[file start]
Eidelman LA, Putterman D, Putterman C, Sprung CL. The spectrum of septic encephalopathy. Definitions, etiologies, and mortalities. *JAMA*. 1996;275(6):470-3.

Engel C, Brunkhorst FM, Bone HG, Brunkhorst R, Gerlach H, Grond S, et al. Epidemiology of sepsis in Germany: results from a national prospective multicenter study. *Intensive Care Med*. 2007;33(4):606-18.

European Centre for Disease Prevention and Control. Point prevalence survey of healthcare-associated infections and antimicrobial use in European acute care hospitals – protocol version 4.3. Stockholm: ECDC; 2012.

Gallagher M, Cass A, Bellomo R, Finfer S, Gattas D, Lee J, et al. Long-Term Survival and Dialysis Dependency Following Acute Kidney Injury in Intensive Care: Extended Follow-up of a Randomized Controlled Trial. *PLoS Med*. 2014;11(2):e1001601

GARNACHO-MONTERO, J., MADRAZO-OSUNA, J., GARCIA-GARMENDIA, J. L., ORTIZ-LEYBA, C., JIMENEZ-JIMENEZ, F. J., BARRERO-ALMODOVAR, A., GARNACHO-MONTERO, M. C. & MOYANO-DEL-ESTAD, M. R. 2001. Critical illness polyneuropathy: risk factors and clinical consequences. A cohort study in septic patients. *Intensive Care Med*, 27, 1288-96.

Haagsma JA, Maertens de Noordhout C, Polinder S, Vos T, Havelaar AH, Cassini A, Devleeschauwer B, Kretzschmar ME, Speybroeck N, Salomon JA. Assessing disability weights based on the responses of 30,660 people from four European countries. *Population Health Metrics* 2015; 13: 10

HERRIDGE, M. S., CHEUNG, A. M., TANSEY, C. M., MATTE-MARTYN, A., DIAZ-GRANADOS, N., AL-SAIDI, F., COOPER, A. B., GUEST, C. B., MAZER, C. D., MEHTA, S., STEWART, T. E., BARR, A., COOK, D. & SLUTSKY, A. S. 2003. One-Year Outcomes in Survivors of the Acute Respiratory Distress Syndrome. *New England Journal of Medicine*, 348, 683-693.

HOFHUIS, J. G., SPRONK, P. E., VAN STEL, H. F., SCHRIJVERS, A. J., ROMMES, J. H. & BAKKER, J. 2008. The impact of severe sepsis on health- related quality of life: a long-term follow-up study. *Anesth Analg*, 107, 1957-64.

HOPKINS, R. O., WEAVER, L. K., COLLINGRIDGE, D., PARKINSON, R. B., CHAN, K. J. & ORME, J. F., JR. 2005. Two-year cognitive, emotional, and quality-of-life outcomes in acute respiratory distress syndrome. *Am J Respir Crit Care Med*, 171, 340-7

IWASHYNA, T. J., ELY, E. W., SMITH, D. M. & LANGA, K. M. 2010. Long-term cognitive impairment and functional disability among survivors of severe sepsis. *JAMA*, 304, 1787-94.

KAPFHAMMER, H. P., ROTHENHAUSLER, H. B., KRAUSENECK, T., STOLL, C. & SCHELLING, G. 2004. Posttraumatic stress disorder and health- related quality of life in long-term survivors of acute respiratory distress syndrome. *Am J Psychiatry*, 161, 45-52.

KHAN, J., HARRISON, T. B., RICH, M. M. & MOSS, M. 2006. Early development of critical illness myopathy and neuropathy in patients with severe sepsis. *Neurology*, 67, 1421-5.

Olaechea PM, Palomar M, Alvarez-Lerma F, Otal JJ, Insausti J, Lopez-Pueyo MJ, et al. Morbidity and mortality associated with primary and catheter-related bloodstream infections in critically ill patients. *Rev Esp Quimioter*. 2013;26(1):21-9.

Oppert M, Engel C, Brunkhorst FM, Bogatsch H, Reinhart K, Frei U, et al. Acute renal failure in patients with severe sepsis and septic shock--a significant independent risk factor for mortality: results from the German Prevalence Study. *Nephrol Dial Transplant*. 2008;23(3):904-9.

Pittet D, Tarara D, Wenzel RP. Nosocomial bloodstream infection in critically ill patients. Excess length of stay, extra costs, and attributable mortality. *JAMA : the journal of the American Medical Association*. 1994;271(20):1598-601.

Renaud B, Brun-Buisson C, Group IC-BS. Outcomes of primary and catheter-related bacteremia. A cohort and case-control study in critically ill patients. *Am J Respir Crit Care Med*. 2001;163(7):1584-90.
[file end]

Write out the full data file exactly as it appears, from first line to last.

Eidelman LA, Putterman D, Putterman C, Sprung CL. The spectrum of septic encephalopathy. Definitions, etiologies, and mortalities. *JAMA*. 1996;275(6):470-3.

Engel C, Brunkhorst FM, Bone HG, Brunkhorst R, Gerlach H, Grond S, et al. Epidemiology of sepsis in Germany: results from a national prospective multicenter study. *Intensive Care Med*. 2007;33(4):606-18.

European Centre for Disease Prevention and Control. Point prevalence survey of healthcare-associated infections and antimicrobial use in European acute care hospitals – protocol version 4.3. Stockholm: ECDC; 2012.

Gallagher M, Cass A, Bellomo R, Finfer S, Gattas D, Lee J, et al. Long-Term Survival and Dialysis Dependency Following Acute Kidney Injury in Intensive Care: Extended Follow-up of a Randomized Controlled Trial. *PLoS Med*. 2014;11(2):e1001601

GARNACHO-MONTERO, J., MADRAZO-OSUNA, J., GARCIA-GARMENDIA, J. L., ORTIZ-LEYBA, C., JIMENEZ-JIMENEZ, F. J., BARRERO-ALMODOVAR, A., GARNACHO-MONTERO, M. C. & MOYANO-DEL-ESTAD, M. R. 2001. Critical illness polyneuropathy: risk factors and clinical consequences. A cohort study in septic patients. *Intensive Care Med*, 27, 1288-96.

Haagsma JA, Maertens de Noordhout C, Polinder S, Vos T, Havelaar AH, Cassini A, Devleeschauwer B, Kretzschmar ME, Speybroeck N, Salomon JA. Assessing disability weights based on the responses of 30,660 people from four European countries. *Population Health Metrics* 2015; 13: 10

HERRIDGE, M. S., CHEUNG, A. M., TANSEY, C. M., MATTE-MARTYN, A., DIAZ-GRANADOS, N., AL-SAIDI, F., COOPER, A. B., GUEST, C. B., MAZER, C. D., MEHTA, S., STEWART, T. E., BARR, A., COOK, D. & SLUTSKY, A. S. 2003. One-Year Outcomes in Survivors of the Acute Respiratory Distress Syndrome. *New England Journal of Medicine*, 348, 683-693.

HOFHUIS, J. G., SPRONK, P. E., VAN STEL, H. F., SCHRIJVERS, A. J., ROMMES, J. H. & BAKKER, J. 2008. The impact of severe sepsis on health- related quality of life: a long-term follow-up study. *Anesth Analg*, 107, 1957-64.

HOPKINS, R. O., WEAVER, L. K., COLLINGRIDGE, D., PARKINSON, R. B., CHAN, K. J. & ORME, J. F., JR. 2005. Two-year cognitive, emotional, and quality-of-life outcomes in acute respiratory distress syndrome. *Am J Respir Crit Care Med*, 171, 340-7

IWASHYNA, T. J., ELY, E. W., SMITH, D. M. & LANGA, K. M. 2010. Long-term cognitive impairment and functional disability among survivors of severe sepsis. *JAMA*, 304, 1787-94.

KAPFHAMMER, H. P., ROTHENHAUSLER, H. B., KRAUSENECK, T., STOLL, C. & SCHELLING, G. 2004. Posttraumatic stress disorder and health- related quality of life in long-term survivors of acute respiratory distress syndrome. *Am J Psychiatry*, 161, 45-52.

KHAN, J., HARRISON, T. B., RICH, M. M. & MOSS, M. 2006. Early development of critical illness myopathy and neuropathy in patients with severe sepsis. *Neurology*, 67, 1421-5.

Olaechea PM, Palomar M, Alvarez-Lerma F, Otal JJ, Insausti J, Lopez-Pueyo MJ, et al. Morbidity and mortality associated with primary and catheter-related bloodstream infections in critically ill patients. *Rev Esp Quimioter*. 2013;26(1):21-9.

Oppert M, Engel C, Brunkhorst FM, Bogatsch H, Reinhart K, Frei U, et al. Acute renal failure in patients with severe sepsis and septic shock--a significant independent risk factor for mortality: results from the German Prevalence Study. *Nephrol Dial Transplant*. 2008;23(3):904-9.

Pittet D, Tarara D, Wenzel RP. Nosocomial bloodstream infection in critically ill patients. Excess length of stay, extra costs, and attributable mortality. *JAMA : the journal of the American Medical Association*. 1994;271(20):1598-601.

Renaud B, Brun-Buisson C, Group IC-BS. Outcomes of primary and catheter-related bacteremia. A cohort and case-control study in critically ill patients. *Am J Respir Crit Care Med*. 2001;163(7):1584-90.